Audi’s first new A3 for nine years is also our first glimpse at the new MQB platform, the building block of every major transverse-engined car in the VW empire for the next few years.
It’s been nine years since the last A3 was released. We’ve had two new Golfs in that time. Why the delay?
Well Audi has been a trifle busy in the intervening years, reinventing the A4, A6, A8 and TT while launching a whole range of new models from scratch: A1, A5, A7, Q3, Q5 and Q7. And while it’s true, the Golf Mk5 did appear the year after the second-gen A3, the Mk6 was more of an extensive facelift than a new car. The A3 is first to get the new platform.
What’s so great about this platform? Carbonfibre, is it? Aluminium, maybe?
Nothing that exciting, I’m afraid. Remember, it’ll have to underpin Skodas and Seats, too. So only the bonnet and front wings are aluminium, the rest is a mix of high-strength steels, though it’s clever enough to ensure the new A3 weighs 80kg less than the old car and a massive 200kg less than a basic BMW 1-series.
But surely there’s some clever tech on the A3. Poor-sprung durch technic, and all that.
There’s lots of tech we’re used to seeing on big cars, including radar cruise control, and Audi’s MMi touchpad, here built into the top of the MMi controller. But the most interesting bit of gear is a 138bhp 1.4-litre petrol with cylinder deactivation that arrives in early 2013. At a gentle cruise it seamlessly shuts down two cylinders, enabling it to achieve 58mpg on the combined cycle.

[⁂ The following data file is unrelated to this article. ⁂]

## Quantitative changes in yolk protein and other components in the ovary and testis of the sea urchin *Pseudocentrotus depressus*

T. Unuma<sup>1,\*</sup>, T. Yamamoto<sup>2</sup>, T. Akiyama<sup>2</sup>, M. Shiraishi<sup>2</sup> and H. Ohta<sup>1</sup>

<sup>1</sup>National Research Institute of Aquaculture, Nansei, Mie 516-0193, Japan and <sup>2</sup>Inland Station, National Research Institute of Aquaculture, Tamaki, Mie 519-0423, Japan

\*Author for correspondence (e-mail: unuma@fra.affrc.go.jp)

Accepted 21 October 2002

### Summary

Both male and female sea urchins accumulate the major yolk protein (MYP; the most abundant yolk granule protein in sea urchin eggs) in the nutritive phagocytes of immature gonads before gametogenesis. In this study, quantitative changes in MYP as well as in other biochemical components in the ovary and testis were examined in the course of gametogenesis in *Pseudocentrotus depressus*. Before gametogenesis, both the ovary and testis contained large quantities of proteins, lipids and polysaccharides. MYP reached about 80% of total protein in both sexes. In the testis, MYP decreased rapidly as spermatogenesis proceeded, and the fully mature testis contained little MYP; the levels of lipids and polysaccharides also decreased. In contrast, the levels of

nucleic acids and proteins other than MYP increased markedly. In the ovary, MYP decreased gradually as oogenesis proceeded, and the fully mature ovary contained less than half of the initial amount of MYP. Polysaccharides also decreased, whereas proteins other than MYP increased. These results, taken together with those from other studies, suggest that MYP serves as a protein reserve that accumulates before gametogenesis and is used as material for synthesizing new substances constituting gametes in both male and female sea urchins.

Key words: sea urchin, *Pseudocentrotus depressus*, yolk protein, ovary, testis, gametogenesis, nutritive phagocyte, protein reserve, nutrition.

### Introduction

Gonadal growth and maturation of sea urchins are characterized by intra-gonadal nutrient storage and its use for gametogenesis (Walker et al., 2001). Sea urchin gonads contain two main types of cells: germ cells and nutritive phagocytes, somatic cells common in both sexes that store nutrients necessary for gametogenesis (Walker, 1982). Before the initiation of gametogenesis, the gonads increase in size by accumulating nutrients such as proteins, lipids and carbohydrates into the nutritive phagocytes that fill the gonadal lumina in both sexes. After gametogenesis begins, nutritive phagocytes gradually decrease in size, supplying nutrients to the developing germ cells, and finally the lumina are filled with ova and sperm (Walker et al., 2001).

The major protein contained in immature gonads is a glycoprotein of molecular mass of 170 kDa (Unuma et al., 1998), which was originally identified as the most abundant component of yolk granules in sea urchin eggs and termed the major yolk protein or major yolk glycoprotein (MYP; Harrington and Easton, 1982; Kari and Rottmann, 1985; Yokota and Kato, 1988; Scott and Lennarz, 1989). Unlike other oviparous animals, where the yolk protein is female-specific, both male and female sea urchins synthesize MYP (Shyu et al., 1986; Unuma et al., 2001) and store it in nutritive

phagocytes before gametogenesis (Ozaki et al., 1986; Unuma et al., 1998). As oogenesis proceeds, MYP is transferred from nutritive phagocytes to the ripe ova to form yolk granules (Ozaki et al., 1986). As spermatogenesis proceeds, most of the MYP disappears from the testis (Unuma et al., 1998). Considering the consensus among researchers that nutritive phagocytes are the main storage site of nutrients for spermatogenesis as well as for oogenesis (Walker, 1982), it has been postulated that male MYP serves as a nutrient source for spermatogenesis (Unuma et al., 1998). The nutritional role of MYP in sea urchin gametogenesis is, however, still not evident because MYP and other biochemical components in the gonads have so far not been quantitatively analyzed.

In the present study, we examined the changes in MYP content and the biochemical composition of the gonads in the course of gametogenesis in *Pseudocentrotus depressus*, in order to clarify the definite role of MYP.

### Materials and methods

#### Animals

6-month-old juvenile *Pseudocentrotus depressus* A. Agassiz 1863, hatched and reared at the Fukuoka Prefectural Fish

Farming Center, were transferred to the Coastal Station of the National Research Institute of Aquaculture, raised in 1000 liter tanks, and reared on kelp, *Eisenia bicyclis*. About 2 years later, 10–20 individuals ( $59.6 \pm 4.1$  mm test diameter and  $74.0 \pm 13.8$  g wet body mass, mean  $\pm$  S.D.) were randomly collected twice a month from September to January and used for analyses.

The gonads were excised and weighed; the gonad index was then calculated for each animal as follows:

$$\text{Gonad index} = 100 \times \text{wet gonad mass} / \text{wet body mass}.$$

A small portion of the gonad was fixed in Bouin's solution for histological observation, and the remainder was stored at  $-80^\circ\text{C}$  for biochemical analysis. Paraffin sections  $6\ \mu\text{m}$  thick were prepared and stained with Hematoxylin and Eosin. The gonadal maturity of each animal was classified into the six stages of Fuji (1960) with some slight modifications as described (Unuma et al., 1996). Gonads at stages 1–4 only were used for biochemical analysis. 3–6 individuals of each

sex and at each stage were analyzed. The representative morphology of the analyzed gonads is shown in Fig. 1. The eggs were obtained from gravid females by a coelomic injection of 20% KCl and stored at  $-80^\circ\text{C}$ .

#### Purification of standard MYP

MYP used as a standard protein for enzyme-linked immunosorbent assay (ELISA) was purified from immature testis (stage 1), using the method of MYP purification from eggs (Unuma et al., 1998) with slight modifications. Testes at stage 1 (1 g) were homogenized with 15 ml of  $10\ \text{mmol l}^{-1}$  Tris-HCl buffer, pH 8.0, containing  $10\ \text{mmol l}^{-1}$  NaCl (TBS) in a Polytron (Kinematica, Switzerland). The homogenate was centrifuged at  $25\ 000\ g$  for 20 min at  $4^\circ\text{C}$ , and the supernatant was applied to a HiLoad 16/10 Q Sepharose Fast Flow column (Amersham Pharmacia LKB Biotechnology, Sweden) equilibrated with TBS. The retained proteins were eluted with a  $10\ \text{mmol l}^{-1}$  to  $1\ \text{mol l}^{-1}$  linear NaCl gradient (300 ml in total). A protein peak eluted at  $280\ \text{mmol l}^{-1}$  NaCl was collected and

Other petrol engines include a basic 120bhp 1.4, and the 1.8TFSi from the A5. Its 178bhp might not sound like much, but thanks to that low kerbweight, it offers similar performance to a Mk5 Golf GTi, but with 50mpg capability. Diesel fans get the choice of 105bhp 1.6 and the venerable 2.0, now boosted by 10bhp to 148bhp. Quattro and five-door Sport back versions arrive in 2013.
So what’s it like to drive?
Refined. Road and tyre noise is muted, and the ride is pleasantly pliant except on some really badly scarred low-speed roads. That’s on the standard suspension, as fitted to every car on the launch, including the S-line trim, where it’s now a no-cost alternative to the sport (-15mm) and S-line (-25mm) setups. In this guise, the body control is good for normal driving, but slightly underdamped for those real red-mist moments. It’s safe, secure and even fun to a certain extent, changing direction with the enthusiasm reserved for cars carrying little mass, but it’s no Renaultsport Megane. At least not yet.
It’s an A3. Do Prada’s customers complain that their bags aren’t made from Gore Tex? Talking of posh bags, what do the image-conscious middle-aged ladies (and young men, of course) who’ll buy this thing have in store once inside?
Another brilliantly executed Audi cabin, that’s what. The jet-themed air vents clearly link it to the little A1, as does the exterior styling, but the A3 feels lower and wider from the driver’s seat. The pared-down console is remarkably clutter-free, most functions being operated by the standard MMi rotary controller, whose commands are viewed on the wafer thin retractable dash-top screen. Among vaguely affordable cars, there is no finer cabin.
The new A3 delivers everything you’d expect from a small Audi – crisp styling, a beautifully appointed cockpit and some useful tech, in the form of that cylinder-on-demand engine. All that stands between it and a five-star rating is a bit more zing in the driving experience.